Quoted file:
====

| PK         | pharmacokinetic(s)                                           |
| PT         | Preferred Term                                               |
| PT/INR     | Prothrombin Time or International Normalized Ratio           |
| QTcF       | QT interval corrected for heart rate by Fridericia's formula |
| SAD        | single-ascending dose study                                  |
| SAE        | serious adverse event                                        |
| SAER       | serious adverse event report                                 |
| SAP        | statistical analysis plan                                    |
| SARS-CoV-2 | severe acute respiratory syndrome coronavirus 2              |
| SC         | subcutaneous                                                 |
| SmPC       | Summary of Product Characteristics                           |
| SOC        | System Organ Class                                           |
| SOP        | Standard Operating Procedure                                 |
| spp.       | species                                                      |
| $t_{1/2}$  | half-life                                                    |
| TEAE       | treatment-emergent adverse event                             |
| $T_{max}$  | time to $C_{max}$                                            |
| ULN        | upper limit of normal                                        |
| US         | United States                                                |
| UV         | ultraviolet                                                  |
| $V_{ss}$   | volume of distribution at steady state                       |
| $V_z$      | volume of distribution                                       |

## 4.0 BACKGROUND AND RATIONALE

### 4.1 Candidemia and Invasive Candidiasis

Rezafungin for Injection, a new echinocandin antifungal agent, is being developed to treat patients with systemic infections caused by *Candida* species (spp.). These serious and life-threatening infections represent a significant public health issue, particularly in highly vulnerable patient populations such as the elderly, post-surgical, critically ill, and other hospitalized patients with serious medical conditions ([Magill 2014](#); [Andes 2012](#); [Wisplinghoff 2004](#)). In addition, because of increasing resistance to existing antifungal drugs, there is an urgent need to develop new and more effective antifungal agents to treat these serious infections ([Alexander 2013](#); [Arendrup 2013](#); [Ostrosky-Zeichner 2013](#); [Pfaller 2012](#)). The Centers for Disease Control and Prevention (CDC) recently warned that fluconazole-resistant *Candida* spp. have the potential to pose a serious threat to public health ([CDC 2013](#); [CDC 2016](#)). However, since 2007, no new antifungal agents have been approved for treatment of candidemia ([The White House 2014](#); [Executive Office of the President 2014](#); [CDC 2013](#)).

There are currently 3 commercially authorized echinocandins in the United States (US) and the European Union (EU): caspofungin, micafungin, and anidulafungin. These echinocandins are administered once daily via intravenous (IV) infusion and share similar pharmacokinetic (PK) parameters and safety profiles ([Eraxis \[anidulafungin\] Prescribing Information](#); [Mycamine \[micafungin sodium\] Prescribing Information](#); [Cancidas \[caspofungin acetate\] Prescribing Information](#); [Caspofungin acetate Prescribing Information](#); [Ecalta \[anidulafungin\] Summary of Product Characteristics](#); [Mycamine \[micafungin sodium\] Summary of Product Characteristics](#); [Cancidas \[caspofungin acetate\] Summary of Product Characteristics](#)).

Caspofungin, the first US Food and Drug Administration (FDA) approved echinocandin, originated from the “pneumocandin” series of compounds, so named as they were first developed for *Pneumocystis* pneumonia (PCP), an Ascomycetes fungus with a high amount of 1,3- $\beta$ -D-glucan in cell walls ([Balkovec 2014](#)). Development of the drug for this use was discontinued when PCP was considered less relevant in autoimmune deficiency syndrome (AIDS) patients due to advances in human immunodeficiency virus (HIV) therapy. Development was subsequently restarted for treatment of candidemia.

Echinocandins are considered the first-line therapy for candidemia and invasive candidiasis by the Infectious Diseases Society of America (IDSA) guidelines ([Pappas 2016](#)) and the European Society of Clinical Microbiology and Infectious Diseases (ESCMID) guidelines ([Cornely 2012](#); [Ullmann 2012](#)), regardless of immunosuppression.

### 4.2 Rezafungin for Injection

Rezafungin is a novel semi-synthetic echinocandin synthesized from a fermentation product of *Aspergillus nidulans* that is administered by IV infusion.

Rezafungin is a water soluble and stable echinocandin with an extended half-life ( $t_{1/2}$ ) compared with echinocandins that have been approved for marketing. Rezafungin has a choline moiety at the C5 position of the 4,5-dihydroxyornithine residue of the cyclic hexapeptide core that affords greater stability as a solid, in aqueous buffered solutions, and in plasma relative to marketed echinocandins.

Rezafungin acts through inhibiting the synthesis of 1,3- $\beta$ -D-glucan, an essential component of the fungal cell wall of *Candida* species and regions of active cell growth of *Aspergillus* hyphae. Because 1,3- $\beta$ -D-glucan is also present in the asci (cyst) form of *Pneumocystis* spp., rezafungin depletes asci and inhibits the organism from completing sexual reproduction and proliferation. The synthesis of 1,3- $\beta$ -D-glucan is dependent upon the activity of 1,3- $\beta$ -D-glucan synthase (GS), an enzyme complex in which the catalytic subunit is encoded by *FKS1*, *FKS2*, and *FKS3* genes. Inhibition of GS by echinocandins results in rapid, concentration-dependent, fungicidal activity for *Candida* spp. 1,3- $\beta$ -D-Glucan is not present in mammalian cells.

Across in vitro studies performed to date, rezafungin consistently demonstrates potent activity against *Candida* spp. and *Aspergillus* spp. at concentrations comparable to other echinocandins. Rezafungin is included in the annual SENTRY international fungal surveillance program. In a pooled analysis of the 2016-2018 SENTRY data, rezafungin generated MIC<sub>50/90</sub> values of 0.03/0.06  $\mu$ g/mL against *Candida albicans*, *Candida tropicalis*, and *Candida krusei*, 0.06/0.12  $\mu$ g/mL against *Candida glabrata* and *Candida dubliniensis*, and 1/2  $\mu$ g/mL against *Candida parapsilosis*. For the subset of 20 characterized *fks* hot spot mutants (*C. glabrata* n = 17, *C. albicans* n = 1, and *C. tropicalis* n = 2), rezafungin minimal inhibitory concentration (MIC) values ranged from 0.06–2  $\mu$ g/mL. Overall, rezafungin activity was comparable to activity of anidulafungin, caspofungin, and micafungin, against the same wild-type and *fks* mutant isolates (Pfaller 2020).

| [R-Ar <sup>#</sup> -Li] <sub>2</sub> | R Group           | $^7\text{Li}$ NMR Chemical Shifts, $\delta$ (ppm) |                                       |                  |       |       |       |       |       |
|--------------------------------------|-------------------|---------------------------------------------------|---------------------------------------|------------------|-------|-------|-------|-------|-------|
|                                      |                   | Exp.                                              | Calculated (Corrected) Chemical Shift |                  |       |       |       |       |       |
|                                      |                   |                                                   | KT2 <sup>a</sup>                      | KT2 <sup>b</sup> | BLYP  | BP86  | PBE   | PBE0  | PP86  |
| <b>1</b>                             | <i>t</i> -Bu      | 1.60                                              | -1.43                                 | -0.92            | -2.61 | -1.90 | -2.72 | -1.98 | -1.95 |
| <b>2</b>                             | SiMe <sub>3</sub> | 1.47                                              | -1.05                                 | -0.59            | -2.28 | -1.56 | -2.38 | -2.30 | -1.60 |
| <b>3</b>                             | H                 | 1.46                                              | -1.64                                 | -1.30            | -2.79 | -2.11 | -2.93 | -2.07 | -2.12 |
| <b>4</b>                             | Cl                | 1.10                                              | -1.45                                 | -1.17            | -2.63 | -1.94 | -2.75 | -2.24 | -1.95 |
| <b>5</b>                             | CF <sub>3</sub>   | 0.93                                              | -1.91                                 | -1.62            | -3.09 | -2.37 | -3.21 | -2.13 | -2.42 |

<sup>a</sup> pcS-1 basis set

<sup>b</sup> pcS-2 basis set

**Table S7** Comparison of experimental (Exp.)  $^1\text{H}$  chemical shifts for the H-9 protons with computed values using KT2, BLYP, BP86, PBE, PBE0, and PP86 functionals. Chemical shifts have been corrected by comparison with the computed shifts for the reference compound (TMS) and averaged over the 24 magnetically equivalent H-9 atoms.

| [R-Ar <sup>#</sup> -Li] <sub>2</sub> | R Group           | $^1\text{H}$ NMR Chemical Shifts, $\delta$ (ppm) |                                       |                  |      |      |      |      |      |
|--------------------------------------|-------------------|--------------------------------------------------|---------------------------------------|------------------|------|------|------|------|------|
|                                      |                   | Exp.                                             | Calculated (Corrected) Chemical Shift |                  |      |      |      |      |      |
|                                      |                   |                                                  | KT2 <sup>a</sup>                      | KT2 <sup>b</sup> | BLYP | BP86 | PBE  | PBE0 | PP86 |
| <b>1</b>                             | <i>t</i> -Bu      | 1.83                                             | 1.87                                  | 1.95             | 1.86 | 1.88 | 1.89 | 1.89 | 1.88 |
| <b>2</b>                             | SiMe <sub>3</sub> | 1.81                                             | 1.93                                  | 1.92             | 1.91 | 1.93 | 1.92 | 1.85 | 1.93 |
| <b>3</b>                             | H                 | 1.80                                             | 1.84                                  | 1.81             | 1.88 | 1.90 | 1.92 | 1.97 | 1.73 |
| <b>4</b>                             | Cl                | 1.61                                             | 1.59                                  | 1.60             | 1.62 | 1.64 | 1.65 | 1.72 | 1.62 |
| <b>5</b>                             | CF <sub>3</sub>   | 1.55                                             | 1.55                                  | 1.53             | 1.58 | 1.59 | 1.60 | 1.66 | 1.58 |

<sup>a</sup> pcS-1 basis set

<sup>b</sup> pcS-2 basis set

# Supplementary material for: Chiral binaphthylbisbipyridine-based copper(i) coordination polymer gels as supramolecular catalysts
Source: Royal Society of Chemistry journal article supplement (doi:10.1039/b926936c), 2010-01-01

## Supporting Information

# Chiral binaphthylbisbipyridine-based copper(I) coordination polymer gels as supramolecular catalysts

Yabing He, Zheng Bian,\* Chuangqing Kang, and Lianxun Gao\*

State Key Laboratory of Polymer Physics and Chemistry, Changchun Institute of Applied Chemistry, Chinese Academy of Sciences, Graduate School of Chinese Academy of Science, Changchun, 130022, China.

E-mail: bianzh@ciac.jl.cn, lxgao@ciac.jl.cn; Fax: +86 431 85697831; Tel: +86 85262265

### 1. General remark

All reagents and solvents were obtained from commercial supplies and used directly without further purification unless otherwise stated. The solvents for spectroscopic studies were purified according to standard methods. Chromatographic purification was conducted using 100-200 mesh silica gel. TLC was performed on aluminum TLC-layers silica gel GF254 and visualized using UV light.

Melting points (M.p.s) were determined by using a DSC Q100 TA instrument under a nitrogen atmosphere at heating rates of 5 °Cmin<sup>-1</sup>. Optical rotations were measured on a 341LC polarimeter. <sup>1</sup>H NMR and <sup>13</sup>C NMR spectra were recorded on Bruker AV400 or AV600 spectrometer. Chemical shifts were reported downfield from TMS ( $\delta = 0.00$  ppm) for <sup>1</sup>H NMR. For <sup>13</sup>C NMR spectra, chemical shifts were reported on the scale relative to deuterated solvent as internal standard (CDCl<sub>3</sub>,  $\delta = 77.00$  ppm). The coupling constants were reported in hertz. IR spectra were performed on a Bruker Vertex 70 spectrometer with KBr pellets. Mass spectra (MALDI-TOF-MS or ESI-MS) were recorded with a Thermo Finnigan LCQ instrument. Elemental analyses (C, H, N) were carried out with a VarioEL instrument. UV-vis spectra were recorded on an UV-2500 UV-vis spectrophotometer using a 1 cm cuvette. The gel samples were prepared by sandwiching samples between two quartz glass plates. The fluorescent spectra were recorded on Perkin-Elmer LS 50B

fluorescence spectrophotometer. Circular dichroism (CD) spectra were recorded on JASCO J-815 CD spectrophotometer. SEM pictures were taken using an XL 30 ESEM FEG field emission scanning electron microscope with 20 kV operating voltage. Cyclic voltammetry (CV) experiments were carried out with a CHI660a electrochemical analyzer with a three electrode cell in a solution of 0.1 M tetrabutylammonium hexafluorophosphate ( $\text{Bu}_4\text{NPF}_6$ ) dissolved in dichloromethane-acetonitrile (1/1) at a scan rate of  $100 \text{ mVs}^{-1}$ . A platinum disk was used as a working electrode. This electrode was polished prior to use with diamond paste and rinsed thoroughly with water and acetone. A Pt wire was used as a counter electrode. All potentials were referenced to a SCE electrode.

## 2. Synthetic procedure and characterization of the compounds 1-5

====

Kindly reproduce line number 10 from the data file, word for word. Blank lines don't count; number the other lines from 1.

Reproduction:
| SC         | subcutaneous                                                 |